Origins of Halswell

The South-West area has a history of early Māori  occupation, followed by European settlement.

Ngāi Tahu, and before them Ngāti Mamoe and Waitaha, maintained both permanent and temporary habitation sites  within the area. Māori used the network of springs, waterways, swamps, grasslands and lowland podocarp forests that once covered Christchurch, to gather natural resources and harvest food. The area was, and continues to be, valued for the mahinga kai sites and as a significant link between the Ngāi Tahu settlements of Kaiapoi, Rapaki, Wairewa and Taumutu, and the resources of Te Ihutai (Avon-Heathcote Estuary), Te Waihora (Lake Ellesmere), Wairewa (Lake Forsyth) and Te Whakaraupo (Lyttelton Harbour). 

The Halswell area was attractive due to its fertile soils, the availability of timber and rock in the nearby hills and its location en route to Banks Peninsula. By the early 1850s, almost all land in this area had been bought by European settlers for large sheep runs. The settlers drained the swampy land and established themselves on the slightly raised levees to provide some protection from floods.  The Halswell area contributed timber and rock for construction, flax for fibre and a good proportion of the potatoes, onions, meat, vegetables, grains, cheese and milk for the city. A number of factories associated with these industries were established in the area. Many of the existing streets are named after these early settlers and founders of local industry. 

As little as 300 years ago, the Waimakariri river flowed from the Southern Alps to the sea by way of Lake Ellesmere, leaving sandy river banks and shingle fans in its wake. When it took a new direction north towards Kaiapoi, the land form that resulted was the greater part of Christchurch as it is today.  

As the river settled into its new course, the land took shape and consolidated. On more than one occasion, as in the Great Flood of 1862, the river attempted to follow its old course and spilled over onto the settled land.  A swamp skirting the hills from Heathcote to Motukarara produced well developed stands of flax which were later the basis of several rope manufacturing enterprises. 

Some of the very fertile land left from the old river courses became known as the districts of Spreydon, Halswell, Tai Tapu, Ladbrooks, Greenpark and Lincoln. These areas were drained by a complex network of ditches and were destined to become highly productive dairy farms. Further towards the west, grain and root crops brought in steady incomes for the new settler farmers.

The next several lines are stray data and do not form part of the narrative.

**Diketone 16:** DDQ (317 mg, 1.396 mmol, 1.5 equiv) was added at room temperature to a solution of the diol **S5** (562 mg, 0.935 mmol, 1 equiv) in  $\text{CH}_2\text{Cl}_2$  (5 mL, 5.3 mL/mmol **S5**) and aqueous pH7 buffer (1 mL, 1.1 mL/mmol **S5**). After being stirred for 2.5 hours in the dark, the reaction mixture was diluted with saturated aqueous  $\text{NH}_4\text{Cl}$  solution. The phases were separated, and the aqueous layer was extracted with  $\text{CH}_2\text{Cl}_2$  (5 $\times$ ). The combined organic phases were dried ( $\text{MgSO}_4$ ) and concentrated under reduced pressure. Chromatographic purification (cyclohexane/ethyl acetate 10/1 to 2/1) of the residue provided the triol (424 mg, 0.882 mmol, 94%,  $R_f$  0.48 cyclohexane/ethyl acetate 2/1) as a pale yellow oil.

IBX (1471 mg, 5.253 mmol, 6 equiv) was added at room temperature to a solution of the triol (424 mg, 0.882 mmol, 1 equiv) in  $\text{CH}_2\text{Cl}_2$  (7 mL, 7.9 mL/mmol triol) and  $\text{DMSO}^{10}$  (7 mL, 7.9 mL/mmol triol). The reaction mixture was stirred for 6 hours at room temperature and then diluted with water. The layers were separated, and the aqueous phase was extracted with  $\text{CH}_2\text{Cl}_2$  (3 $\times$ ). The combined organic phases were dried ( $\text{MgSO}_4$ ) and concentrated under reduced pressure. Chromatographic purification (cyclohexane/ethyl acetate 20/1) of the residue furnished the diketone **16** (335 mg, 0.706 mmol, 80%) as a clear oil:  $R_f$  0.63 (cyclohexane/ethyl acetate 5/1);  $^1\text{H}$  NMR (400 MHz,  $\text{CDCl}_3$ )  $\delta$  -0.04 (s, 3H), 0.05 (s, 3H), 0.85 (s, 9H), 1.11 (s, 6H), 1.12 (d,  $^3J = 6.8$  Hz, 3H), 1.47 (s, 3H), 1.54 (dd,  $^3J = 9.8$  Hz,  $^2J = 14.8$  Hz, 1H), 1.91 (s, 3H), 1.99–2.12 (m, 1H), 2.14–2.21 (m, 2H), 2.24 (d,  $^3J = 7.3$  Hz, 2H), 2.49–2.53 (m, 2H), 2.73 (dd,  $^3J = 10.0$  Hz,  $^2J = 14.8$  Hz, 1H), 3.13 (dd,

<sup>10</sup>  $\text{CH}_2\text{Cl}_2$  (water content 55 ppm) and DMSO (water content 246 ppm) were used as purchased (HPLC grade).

Halswell was originally part of the Heathcote Road Board in 1864, becoming an independent board in 1876. In 1911, it became a county under the Counties Act and was made part of the Paparua County in 1968. The physical detachment of Halswell from urban Christchurch, along with its fertile soil, made it a popular area for self sufficient religious orders such as Mount Magdala and the Carmelite Monastery (still located on Halswell Road). 


The township of Halswell was not officially recognised until the 1961 census but had been an established settlement long before that with the provincial government setting aside land for a school and church by 1857. The term “Halswell” for the area was first used in 1868 when the Southern Provinces Almanac was published – before that, it was known as a part of Tai Tapu. The Halswell Flax company was established in 1867 and the township was known for its fine farming and dairying with a good store, a bacon factory, and a good hotel, which was "much patronised by cyclists". There was also a school, and a church and the Quarry which developed into one of the largest in New Zealand. Halswell Quarry stone was used extensively in roading, but the fine blue-grey stone it produced can be seen in a number of prominent buildings around Christchurch such as the Provincial Chambers, Art Gallery and the Sign of the Takahe. 

For many decades, Halswell was regarded as a satellite town, a thriving little independent township close to a large city, but on 1 April 1955, Halswell joined Greater Christchurch and came under the care of the Christchurch City Council. Until fairly recently, the village of Halswell was completely separated from the city geographically and it has only been with the development of new housing areas that Halswell and Christchurch have joined physically. Halswell is now one of the largest urban growth areas in the South Island but retains a semi-rural nature with a considerable number of green spaces and lakes, drainage swales and creeks curving through them.